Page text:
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NL: Hi, everyone. My name is Natalie Ledwell and this is The Inspiration Show. Today on the show, we are going to be talking about a very interesting subject. I have the author of a new book that is called, “If We're Together, Why Do I Feel So Alone?”, and we're going to be talking about how to build intimate relationships with someone who may be un-emotionally available in your life. I'm sure a lot of people want to hear the information on that. But before I introduce my special guest today, I just want to make sure that if you are watching this on YouTube, don't forget to click the link underneath here after you finish watching the shows so you can take my 30-second quiz to figure out what's blocking you from success. So my special guest today is Dr. Holly Parker. Hi Holly! How are you today?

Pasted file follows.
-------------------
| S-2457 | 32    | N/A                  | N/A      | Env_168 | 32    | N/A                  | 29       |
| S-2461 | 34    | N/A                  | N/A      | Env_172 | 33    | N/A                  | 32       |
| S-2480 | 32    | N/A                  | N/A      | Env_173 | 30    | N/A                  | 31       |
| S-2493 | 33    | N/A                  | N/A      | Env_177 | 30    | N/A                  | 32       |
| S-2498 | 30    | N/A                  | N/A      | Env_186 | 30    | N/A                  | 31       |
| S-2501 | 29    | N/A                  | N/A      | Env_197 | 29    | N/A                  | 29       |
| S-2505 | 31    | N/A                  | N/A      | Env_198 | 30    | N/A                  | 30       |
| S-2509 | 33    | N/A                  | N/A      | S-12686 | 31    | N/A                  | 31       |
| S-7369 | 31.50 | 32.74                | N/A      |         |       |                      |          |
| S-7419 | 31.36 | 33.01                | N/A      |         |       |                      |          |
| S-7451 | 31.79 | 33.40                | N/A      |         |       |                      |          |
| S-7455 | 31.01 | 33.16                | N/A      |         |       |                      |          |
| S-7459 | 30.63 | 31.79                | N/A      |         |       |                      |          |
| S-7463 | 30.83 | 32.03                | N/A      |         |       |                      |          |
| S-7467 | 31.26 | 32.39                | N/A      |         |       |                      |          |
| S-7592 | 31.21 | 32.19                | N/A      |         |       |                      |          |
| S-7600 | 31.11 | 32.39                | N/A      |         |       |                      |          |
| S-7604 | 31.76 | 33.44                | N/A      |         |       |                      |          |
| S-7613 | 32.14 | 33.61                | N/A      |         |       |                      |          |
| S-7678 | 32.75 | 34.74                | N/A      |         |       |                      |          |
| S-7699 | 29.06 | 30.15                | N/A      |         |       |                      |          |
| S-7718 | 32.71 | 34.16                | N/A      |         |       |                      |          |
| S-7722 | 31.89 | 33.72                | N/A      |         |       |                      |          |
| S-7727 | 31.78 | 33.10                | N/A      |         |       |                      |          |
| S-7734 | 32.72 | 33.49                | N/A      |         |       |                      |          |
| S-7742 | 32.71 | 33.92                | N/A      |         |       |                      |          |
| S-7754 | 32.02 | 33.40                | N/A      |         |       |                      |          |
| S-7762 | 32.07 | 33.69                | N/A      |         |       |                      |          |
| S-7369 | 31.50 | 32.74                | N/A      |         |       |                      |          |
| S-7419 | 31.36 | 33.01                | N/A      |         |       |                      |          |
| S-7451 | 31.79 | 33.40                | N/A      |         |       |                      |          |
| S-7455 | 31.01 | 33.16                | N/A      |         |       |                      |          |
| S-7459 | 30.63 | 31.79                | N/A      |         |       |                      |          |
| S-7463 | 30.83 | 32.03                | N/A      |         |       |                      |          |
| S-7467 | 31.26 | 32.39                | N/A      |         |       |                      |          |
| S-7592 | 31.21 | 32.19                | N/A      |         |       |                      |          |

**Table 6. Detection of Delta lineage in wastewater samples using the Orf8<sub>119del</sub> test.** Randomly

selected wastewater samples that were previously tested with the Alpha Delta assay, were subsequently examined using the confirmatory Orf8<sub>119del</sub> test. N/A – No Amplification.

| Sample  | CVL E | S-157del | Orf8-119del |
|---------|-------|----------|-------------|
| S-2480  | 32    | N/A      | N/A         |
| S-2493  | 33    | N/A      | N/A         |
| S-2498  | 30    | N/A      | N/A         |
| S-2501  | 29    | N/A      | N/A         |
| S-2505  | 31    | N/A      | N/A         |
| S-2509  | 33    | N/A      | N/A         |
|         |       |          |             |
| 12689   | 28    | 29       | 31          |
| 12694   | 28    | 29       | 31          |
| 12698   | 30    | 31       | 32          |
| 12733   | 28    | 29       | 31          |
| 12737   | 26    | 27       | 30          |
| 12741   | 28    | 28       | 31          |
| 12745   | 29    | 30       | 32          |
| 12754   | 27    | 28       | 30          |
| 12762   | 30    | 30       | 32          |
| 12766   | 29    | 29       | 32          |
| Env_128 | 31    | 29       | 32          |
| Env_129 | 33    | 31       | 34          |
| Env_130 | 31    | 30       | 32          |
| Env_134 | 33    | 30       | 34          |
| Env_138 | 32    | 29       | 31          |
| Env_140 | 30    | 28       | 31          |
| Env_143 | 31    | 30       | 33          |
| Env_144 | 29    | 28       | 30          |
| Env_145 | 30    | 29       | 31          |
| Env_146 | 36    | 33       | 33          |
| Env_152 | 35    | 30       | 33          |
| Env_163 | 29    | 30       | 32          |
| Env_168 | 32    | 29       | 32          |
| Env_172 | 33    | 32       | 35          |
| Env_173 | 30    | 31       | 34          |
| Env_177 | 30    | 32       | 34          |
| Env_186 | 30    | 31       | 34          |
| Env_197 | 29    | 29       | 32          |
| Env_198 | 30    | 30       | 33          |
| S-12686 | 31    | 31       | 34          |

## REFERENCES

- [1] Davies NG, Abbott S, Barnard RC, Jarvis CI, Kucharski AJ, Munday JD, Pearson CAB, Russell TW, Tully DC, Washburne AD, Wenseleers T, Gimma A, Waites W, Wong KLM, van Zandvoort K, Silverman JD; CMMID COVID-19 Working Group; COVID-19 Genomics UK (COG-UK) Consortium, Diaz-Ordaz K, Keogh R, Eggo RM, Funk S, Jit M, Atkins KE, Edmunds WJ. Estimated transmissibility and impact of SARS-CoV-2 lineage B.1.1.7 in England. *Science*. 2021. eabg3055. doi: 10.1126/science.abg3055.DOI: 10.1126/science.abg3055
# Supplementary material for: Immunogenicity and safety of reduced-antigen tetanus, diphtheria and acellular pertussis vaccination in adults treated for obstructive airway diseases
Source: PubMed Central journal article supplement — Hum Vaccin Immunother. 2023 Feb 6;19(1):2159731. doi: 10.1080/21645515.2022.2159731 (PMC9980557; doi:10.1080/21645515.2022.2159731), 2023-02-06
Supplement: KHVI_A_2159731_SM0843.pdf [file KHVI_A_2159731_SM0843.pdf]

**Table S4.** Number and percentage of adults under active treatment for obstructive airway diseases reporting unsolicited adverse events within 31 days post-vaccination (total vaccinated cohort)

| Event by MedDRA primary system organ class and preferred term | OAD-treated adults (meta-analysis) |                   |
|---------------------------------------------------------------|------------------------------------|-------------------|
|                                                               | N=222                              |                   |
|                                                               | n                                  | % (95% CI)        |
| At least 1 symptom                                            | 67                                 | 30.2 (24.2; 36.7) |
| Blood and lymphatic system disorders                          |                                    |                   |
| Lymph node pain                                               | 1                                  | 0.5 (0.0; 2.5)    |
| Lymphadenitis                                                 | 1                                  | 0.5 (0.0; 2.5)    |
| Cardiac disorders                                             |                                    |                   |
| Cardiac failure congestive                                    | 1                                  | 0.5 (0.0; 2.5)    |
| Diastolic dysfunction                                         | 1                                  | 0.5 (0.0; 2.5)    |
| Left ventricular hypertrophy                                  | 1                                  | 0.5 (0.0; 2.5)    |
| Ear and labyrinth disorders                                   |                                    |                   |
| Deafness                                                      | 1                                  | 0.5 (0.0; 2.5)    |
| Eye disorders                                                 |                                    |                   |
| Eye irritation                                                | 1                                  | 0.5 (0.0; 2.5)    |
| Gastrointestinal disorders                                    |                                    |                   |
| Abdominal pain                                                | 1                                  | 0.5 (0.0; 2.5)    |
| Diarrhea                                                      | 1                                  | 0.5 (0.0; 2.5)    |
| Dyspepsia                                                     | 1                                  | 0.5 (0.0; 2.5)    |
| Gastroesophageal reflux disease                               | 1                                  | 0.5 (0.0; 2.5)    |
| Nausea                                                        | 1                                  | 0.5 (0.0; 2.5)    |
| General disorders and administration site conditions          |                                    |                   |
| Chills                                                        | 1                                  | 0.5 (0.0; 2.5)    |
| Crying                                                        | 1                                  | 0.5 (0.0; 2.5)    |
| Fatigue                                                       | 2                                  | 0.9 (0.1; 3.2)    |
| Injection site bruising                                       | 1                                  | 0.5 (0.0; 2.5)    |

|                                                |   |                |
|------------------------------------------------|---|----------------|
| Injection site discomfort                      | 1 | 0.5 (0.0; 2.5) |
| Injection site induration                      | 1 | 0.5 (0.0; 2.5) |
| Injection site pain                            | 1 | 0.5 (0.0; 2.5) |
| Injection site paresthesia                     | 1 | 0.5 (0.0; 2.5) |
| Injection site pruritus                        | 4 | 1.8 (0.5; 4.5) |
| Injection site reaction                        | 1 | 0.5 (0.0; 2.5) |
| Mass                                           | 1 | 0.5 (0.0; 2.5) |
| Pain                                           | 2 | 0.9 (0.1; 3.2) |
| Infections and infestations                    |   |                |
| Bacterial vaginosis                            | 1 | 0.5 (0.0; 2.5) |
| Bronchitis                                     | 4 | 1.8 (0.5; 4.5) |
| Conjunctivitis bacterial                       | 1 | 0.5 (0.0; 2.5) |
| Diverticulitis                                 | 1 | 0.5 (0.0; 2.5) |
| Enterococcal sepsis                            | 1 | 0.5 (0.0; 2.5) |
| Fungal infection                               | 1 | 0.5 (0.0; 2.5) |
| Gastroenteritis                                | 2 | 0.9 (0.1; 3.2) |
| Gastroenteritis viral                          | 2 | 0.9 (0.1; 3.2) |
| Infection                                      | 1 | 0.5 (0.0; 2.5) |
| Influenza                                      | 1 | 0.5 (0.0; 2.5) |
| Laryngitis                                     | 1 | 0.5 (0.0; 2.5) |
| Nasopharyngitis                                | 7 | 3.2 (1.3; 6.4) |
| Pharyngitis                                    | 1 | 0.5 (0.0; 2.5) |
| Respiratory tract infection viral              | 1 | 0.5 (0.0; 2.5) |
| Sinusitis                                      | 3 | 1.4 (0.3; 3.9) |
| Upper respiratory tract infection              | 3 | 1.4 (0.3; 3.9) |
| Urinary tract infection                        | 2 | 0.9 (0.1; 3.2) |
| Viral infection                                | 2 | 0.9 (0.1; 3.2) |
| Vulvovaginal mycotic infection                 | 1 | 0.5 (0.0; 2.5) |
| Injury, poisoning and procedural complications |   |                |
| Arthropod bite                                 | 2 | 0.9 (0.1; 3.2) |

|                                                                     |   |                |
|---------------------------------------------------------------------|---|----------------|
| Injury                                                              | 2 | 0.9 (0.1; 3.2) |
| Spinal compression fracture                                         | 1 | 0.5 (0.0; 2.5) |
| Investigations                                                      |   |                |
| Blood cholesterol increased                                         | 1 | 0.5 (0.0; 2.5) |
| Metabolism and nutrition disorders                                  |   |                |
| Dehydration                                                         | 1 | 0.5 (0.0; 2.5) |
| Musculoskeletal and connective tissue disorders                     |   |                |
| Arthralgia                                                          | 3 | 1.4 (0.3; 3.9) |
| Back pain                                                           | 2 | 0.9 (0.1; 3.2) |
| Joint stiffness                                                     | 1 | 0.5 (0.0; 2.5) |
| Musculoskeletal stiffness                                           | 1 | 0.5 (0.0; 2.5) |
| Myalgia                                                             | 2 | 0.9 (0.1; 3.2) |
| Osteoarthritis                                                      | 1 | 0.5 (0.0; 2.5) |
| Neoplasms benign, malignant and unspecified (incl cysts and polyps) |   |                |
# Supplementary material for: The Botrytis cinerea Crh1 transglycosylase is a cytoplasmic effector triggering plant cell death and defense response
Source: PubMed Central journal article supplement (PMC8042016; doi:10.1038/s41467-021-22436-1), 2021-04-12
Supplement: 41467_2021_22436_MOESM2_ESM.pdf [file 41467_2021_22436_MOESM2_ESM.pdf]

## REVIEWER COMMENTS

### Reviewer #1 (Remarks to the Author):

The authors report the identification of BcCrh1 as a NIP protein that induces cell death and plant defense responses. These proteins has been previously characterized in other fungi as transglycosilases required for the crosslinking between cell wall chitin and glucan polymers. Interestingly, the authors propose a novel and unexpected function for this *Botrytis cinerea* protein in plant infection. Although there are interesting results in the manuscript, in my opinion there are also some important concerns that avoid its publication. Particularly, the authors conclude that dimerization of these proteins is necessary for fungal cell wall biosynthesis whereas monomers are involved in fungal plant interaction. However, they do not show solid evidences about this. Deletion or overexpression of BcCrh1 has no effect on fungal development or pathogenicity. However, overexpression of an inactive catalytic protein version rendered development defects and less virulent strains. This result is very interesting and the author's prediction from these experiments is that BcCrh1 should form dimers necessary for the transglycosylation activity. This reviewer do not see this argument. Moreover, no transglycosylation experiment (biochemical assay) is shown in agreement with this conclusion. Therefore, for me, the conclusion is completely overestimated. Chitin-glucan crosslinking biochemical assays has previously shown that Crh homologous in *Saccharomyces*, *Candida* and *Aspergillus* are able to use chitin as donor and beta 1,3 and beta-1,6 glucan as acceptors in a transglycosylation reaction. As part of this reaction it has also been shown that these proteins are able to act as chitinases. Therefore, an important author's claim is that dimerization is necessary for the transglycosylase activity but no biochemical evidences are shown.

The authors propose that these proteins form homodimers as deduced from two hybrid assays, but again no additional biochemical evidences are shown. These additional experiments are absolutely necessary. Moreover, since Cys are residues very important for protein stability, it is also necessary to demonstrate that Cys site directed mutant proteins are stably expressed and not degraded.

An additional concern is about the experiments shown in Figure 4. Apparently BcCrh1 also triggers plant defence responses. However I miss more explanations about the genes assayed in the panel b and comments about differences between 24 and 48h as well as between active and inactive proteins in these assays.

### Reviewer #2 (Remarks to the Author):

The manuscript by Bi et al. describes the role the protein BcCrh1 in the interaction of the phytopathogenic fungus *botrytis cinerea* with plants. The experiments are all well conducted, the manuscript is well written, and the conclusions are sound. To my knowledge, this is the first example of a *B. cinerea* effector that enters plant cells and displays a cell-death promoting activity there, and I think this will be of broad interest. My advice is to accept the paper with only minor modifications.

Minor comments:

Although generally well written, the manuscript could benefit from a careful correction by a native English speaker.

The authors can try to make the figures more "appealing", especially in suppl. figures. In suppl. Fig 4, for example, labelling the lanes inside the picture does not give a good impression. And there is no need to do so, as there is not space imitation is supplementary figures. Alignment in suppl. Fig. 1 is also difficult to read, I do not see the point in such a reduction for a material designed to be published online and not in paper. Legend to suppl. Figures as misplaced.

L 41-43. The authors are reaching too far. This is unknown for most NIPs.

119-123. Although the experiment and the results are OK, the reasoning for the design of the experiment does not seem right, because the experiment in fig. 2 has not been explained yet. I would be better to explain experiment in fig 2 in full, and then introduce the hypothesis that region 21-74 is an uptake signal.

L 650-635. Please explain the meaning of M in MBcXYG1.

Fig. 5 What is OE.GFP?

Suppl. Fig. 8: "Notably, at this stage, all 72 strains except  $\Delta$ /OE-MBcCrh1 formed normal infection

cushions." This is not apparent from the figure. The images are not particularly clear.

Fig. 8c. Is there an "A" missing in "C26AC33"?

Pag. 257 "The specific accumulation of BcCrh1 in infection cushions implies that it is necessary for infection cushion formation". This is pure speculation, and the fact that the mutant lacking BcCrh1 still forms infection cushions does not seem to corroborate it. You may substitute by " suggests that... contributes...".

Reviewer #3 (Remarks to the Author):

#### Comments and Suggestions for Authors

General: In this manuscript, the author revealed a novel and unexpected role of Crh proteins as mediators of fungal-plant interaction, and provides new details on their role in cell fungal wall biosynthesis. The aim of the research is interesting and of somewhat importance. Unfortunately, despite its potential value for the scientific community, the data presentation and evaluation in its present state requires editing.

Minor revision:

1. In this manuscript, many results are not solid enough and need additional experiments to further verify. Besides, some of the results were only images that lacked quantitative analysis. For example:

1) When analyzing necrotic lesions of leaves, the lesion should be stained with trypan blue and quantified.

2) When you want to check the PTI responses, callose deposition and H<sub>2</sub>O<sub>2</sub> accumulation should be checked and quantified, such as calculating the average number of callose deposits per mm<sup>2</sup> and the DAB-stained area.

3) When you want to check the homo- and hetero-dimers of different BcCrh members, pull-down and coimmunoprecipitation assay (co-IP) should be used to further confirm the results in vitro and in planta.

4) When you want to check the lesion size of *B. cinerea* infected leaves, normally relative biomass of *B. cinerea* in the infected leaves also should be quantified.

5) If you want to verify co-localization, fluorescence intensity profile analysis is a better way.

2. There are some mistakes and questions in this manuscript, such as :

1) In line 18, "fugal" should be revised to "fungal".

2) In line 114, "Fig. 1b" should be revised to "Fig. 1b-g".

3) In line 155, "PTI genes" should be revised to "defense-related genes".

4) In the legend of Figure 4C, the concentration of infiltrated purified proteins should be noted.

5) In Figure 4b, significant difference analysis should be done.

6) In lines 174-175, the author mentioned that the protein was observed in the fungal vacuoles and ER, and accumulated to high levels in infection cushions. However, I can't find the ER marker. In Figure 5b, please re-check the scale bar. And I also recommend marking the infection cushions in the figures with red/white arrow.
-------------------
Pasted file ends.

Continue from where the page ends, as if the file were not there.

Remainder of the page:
HP: Well, Natalie. It’s such a pleasure to be here. I’m doing very well. How are you?
NL: Fabulous, fabulous. Now I am going to get you to talk a little bit about your story and how you got into writing this book, because I think that the subject of this book is something that many people that are watching the show can actually relate to. So how did you get the inspiration to write this book?